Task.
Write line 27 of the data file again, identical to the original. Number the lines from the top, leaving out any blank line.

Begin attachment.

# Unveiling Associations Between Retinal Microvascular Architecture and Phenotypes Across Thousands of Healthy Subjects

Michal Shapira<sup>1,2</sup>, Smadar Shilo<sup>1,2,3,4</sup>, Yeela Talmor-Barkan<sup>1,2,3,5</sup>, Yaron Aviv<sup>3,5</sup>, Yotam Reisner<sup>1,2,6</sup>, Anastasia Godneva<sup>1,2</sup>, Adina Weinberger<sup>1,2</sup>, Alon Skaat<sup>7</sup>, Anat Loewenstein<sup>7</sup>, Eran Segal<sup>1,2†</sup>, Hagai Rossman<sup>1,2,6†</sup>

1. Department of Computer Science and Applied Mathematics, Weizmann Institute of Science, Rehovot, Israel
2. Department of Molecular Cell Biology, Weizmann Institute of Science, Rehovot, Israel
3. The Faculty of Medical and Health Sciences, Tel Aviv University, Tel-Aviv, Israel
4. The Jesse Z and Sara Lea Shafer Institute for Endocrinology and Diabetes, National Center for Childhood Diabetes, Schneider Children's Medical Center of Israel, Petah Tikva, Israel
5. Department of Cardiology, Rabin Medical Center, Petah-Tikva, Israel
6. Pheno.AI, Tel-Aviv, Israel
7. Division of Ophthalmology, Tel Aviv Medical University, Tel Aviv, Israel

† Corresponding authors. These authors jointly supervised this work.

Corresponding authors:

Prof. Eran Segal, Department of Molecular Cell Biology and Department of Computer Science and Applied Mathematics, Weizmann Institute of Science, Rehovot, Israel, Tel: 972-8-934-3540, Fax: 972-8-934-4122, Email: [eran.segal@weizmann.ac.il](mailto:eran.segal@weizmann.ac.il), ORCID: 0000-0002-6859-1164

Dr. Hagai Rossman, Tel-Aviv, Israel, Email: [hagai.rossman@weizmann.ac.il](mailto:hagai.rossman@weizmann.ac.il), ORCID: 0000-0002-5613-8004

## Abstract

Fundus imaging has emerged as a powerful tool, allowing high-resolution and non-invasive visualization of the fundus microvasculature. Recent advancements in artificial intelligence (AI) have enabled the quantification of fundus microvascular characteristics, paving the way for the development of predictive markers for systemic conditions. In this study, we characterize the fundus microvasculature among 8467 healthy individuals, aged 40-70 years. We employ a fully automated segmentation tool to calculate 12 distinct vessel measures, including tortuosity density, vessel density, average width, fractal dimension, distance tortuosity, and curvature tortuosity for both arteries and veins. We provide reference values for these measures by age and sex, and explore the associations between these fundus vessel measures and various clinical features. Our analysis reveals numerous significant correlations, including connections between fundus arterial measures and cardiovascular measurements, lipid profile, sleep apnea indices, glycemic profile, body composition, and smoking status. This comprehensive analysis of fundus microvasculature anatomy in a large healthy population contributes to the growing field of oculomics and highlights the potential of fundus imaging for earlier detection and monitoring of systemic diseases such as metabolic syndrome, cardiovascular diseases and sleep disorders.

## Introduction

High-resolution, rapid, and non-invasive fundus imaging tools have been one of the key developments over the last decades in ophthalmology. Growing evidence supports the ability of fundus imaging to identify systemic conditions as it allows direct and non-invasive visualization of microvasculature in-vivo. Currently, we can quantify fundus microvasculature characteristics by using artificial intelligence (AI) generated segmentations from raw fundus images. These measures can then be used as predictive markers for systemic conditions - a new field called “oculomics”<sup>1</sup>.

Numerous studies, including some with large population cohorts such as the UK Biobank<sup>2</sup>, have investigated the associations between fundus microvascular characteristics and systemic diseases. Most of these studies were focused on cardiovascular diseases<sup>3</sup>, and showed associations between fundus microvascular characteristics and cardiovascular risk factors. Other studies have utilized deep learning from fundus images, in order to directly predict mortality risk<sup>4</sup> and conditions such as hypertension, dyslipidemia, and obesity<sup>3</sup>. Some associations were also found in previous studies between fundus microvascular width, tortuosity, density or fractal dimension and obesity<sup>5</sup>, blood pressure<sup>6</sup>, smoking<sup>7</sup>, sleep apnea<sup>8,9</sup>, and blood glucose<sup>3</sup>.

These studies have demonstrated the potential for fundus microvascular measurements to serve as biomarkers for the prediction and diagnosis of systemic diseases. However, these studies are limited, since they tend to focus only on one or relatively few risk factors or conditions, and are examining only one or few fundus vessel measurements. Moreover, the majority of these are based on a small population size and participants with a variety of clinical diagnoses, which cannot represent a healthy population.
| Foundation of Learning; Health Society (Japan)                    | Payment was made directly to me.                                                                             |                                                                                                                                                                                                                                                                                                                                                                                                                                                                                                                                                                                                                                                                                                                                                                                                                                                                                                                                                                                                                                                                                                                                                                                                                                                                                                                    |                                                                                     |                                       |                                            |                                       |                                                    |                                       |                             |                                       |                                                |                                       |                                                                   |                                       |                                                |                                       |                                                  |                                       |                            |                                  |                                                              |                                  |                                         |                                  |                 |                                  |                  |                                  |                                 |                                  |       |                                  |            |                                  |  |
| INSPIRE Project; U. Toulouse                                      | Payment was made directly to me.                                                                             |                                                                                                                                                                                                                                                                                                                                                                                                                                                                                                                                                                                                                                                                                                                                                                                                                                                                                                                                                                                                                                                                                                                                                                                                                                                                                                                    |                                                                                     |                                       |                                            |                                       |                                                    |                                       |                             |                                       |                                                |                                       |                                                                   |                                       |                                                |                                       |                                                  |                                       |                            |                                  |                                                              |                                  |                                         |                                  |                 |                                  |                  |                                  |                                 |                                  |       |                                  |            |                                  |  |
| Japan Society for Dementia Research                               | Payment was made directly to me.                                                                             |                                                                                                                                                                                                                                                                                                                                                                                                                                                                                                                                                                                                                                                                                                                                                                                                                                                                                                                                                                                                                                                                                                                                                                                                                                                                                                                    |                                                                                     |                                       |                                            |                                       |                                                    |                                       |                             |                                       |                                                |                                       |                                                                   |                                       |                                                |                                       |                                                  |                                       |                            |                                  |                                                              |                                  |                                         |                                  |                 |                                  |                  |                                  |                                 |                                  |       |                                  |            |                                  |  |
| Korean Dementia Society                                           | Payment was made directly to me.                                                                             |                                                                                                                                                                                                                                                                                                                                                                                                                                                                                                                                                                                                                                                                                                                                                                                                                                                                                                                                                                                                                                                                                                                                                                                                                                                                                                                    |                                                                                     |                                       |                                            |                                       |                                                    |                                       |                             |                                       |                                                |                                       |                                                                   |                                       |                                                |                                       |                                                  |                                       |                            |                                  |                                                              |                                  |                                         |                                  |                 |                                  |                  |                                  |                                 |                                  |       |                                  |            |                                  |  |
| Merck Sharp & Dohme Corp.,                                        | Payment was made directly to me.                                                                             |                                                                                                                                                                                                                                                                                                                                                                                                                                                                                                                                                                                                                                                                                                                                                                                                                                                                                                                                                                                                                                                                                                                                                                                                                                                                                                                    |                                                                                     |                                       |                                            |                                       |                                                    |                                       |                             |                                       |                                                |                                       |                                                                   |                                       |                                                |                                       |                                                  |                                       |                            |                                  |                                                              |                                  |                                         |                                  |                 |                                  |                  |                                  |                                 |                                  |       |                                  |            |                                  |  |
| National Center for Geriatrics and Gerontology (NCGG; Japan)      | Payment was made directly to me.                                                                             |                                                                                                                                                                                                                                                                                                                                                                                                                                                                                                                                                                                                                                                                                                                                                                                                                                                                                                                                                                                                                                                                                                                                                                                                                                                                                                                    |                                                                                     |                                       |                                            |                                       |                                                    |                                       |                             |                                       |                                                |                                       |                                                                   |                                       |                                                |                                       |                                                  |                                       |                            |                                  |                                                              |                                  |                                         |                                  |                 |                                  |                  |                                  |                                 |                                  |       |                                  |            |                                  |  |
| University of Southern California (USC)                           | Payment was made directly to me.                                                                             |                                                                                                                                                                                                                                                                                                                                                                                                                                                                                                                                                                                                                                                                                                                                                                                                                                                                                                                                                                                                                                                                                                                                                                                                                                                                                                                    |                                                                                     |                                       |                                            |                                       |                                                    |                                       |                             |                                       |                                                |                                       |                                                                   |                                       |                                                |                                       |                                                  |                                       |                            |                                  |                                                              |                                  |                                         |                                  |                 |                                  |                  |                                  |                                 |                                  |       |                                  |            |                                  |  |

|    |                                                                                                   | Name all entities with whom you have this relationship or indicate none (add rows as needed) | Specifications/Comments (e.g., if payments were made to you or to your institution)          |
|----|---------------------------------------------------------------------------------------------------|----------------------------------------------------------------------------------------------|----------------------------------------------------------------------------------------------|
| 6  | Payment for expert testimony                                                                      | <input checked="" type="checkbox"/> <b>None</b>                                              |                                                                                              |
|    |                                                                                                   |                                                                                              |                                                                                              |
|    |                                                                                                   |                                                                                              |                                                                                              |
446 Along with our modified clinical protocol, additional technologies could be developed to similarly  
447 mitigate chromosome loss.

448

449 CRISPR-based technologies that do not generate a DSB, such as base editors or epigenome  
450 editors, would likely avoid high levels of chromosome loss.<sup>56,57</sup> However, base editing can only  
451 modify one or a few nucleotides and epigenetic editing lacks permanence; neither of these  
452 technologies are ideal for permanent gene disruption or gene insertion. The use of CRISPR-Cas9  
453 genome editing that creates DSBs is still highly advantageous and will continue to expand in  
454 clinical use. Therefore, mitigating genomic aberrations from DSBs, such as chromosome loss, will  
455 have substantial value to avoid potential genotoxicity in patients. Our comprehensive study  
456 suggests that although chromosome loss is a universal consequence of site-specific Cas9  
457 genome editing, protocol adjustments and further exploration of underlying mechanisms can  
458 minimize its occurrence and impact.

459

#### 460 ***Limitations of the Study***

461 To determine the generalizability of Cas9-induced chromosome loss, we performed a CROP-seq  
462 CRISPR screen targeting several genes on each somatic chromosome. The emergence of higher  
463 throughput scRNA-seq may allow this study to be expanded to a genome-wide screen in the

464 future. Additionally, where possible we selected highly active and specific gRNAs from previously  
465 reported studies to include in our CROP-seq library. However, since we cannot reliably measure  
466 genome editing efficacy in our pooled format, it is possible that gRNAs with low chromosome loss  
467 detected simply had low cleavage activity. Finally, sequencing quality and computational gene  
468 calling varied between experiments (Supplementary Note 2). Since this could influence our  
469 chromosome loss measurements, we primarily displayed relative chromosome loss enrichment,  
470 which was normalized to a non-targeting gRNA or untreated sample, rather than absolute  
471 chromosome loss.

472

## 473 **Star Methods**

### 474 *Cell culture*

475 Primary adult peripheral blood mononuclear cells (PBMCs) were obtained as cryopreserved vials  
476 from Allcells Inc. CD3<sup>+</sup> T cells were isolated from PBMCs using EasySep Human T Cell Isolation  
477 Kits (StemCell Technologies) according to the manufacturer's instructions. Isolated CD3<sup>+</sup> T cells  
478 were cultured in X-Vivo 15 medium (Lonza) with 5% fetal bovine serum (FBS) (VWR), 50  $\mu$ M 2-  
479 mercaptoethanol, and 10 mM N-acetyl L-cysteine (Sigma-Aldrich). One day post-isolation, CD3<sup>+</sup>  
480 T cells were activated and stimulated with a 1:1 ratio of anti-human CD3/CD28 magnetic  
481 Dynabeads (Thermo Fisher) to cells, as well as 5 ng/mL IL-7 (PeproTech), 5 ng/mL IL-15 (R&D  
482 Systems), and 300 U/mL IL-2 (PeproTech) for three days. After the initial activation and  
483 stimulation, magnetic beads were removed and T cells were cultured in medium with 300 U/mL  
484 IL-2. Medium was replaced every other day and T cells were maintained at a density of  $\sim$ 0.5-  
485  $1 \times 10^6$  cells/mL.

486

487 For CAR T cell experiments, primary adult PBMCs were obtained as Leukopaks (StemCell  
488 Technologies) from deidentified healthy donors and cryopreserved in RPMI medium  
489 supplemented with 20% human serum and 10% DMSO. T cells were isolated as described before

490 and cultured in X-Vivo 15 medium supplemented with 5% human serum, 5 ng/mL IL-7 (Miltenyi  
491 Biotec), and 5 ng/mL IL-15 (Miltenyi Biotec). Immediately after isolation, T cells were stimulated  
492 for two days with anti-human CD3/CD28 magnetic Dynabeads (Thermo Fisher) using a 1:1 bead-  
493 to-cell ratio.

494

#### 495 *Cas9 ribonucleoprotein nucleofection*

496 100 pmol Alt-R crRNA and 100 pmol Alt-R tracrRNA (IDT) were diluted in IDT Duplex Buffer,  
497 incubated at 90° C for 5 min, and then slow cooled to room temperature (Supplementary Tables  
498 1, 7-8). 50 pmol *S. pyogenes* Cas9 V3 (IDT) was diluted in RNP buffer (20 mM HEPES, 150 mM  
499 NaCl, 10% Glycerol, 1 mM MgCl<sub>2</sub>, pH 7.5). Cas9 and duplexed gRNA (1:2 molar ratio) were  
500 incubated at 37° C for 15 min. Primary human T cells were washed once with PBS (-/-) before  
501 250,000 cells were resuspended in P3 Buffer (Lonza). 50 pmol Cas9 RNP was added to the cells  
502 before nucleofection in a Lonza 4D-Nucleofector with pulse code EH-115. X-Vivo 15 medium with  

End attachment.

|    |                                                                                                   | Name all entities with whom you have this relationship or indicate none (add rows as needed) | Specifications/Comments (e.g., if payments were made to you or to your institution)          |